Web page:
• If the screen is broken but the phone still turns on, use a USB On-the-Go (OTG) cable to connect a mouse and keyboard. This allows you to navigate the phone and backup files.
  • Use data recovery software designed for smartphones to pull data from a broken phone via a USB cable. Some options include Dr. Fone, EaseUS MobiSaver, and iMyFone Fixppo.
  • Take the phone to a repair shop and ask them to do an emergency data backup. Many shops have tools to access and save data even from badly damaged devices.
  • On iPhone, utilize a fully encrypted iTunes or iCloud backup to preserve your information if possible before disposal. 
  • With an Android phone, sync data to your Google account. Contacts, calendars, photos, etc can be restored to a new Android device during setup if synced.

Losing all your data, photos, contacts, and messages when a phone breaks can be devastating. Be sure to fully backup and transfer important files before properly disposing of or recycling a damaged device. With some effort, you can likely salvage your precious data - protecting those memories and information even after the phone stops working.

Resell or Donate

If your phone is still functional but has some issues like a cracked screen, you may be able to resell it or donate it so someone else can use it. Here are some options for giving your phone new life:

  1. Sell it online - Sites like Gazelle, Decluttr, and ItsWorthMore allow you to get quotes for your broken phone and will pay you if it meets their criteria. They then refurbish the phones and resell them. This lets you recoup some money and keeps phones from ending up in landfills.
  2. Donate to charities - Many charities like Cell Phones for Soldiers, 911 Cell Phone Bank, and the National Coalition Against Domestic Violence accept donated phones to give to those in need. Make sure to wipe your data first.
  3. Trade it in - Wireless providers and electronics retailers often have trade-in programs where you can get credit toward a new phone purchase. Even with cracks or defects, trade-in values might be $50-$100.
  4. Sell to ecoATM kiosks - Companies like ecoATM have automated kiosks that evaluate, buy and recycle used phones. You can get an instant quote and cash payment if it meets their valuation.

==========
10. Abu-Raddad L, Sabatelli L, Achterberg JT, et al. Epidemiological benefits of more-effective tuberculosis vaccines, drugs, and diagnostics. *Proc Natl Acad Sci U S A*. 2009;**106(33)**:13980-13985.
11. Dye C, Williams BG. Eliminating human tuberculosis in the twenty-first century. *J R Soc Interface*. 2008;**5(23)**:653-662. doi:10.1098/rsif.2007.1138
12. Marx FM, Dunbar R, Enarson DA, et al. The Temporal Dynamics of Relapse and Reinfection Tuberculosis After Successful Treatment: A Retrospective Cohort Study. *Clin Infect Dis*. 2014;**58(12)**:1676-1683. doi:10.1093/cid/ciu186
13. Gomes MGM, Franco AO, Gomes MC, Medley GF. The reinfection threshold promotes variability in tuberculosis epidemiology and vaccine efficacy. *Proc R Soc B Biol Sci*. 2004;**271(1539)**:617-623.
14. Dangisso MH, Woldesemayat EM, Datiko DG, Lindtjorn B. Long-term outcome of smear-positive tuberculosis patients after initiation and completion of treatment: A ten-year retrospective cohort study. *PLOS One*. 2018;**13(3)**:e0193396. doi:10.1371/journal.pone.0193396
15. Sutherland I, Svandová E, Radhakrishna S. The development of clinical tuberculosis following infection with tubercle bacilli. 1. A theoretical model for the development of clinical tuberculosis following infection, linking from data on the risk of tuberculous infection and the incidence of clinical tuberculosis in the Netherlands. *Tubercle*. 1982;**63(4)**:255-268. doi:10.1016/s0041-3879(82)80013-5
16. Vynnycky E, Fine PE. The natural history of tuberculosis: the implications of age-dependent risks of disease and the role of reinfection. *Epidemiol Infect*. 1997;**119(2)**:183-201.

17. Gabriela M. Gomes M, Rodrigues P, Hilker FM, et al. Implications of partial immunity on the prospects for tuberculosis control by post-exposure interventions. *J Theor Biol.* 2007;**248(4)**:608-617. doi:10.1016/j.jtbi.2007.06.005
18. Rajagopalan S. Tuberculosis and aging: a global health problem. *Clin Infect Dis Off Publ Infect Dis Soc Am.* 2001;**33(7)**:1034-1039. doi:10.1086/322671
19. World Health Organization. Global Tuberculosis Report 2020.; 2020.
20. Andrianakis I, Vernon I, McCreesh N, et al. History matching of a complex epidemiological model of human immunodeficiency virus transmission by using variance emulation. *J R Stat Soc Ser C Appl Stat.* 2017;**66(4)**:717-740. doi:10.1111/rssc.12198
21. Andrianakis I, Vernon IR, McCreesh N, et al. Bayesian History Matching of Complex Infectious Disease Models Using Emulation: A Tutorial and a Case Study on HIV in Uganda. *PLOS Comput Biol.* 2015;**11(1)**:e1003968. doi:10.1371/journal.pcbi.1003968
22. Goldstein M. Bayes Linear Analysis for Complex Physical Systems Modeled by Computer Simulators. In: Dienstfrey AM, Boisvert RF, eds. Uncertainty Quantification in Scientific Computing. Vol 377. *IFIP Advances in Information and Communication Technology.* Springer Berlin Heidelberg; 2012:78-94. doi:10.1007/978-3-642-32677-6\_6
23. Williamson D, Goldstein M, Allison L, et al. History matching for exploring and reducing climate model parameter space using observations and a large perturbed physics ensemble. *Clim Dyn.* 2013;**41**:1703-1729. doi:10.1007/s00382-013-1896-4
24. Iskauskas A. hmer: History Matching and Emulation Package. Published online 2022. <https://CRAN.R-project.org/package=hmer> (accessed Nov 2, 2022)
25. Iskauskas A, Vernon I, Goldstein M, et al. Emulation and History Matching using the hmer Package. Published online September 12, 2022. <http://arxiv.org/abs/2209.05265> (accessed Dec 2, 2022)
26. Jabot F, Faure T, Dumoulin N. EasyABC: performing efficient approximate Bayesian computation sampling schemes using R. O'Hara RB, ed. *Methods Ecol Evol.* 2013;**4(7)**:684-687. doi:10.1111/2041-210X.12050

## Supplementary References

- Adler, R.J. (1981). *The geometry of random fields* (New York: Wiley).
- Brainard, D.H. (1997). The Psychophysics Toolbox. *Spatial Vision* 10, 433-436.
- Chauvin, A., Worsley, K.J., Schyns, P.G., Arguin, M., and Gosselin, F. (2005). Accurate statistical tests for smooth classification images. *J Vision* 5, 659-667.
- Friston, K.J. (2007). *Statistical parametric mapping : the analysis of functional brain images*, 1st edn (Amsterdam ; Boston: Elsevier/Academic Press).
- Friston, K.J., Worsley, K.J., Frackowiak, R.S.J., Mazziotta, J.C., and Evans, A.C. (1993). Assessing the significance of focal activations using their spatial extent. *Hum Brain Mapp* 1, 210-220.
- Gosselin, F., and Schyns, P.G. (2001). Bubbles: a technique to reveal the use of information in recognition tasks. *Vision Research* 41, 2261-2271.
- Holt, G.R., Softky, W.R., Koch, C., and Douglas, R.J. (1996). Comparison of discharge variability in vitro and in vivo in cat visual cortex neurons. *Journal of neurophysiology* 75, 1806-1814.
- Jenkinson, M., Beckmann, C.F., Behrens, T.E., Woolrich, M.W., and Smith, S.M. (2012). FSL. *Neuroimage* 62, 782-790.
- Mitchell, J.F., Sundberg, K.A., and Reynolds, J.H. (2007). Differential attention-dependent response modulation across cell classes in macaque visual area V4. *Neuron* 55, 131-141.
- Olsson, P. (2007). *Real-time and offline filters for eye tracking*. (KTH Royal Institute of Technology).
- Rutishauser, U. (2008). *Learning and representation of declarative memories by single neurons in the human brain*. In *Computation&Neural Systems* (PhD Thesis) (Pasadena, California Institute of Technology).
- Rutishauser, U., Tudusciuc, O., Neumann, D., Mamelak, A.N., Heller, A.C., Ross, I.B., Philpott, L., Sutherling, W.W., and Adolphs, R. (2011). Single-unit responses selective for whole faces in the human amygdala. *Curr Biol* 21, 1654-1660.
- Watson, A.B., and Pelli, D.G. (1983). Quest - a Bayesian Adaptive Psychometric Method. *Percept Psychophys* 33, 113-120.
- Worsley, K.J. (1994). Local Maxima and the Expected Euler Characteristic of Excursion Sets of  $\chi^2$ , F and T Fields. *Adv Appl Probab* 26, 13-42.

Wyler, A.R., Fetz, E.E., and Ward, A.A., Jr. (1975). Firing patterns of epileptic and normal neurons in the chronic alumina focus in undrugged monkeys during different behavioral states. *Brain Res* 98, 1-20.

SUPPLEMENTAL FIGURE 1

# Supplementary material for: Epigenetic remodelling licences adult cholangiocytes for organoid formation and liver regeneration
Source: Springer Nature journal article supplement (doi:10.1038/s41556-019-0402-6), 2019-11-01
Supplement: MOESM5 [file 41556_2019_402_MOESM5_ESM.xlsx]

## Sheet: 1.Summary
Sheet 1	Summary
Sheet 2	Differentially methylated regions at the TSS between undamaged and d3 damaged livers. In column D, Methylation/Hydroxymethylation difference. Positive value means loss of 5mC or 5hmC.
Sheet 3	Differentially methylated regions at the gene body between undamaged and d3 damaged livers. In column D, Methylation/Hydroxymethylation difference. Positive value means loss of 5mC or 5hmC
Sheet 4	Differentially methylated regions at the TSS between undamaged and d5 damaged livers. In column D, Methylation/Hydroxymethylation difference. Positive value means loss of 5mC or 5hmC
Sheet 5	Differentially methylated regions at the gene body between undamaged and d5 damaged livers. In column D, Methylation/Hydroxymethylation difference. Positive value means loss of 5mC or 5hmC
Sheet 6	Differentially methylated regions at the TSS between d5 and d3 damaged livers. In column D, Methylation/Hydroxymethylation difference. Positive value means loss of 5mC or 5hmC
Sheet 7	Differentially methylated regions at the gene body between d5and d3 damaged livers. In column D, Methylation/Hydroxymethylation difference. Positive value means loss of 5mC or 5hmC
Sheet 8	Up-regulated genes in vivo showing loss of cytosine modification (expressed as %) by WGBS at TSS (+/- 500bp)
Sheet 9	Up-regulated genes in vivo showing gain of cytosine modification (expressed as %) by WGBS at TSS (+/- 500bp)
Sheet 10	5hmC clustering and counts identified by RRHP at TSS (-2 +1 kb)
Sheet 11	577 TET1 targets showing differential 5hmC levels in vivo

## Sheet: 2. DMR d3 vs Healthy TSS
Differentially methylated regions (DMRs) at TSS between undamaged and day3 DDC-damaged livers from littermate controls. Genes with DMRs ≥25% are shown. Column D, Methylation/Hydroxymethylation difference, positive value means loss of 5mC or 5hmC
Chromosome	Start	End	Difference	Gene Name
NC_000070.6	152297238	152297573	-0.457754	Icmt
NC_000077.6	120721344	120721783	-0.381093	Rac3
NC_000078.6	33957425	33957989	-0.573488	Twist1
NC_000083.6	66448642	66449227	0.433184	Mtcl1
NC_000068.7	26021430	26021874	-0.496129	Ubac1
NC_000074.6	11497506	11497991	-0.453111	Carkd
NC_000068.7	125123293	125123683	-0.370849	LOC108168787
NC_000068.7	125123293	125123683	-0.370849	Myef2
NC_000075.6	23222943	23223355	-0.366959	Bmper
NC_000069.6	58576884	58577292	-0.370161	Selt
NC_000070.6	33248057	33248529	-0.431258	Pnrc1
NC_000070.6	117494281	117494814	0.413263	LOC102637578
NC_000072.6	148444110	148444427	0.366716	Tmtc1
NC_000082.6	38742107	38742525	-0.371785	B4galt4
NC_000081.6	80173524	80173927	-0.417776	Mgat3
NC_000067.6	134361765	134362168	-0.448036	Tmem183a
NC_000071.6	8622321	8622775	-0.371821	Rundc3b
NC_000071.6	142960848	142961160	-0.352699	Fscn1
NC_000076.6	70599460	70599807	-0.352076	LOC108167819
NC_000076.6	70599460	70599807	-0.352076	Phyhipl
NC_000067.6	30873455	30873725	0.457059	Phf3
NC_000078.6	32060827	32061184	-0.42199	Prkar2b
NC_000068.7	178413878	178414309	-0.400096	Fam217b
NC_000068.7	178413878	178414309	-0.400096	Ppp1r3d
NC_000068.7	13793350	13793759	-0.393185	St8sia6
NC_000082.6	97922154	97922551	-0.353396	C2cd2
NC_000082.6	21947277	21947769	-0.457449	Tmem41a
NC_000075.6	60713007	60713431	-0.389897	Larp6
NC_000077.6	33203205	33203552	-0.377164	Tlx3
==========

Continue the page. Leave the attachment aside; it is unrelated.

5. List on Facebook Marketplace - Post the phone for sale locally on Facebook Marketplace. Be upfront about any defects and you may find someone willing to buy it, especially for popular models.
  6. Donate to phone recycling programs - Some companies like Mobile Muster in Australia let you donate old phones that get refurbished and resold. Or they ethically recycle what can't be reused.

The key is finding options to rehome functioning phones so they can be used again instead of discarded. Even with defects, broken phones often still have value for others.

Recycle Components

When a phone is beyond repair, there are often still components that can be reused or recycled properly. One of the most important parts to recycle from broken phones is the batteries. Phone batteries contain toxic chemicals like lithium, and if not disposed of correctly, they can leach into the environment and cause harm. 

Luckily, there are proper ways to recycle phone batteries to avoid this. Start by removing the battery from the broken phone if possible. Many batteries in smartphones can be taken out by unscrewing the back cover and carefully disconnecting. For batteries that can't easily be removed, you'll need to take the whole phone to a recycling center. 

If you've managed to remove the battery, take it to a battery recycling drop-off location, which is often available at electronics or office supply stores. You can also use a mail-back program to send spent batteries to a recycling facility. The chemicals will then be extracted at the facility and reused.

Other recyclable components include circuit boards, which contain metals like gold, copper and nickel. Breaking down the materials properly allows these finite resources to be recovered and used again in new products. Display screens also may be recyclable if an appropriate facility is available in your area. Remove any personal data from the device before recycling components.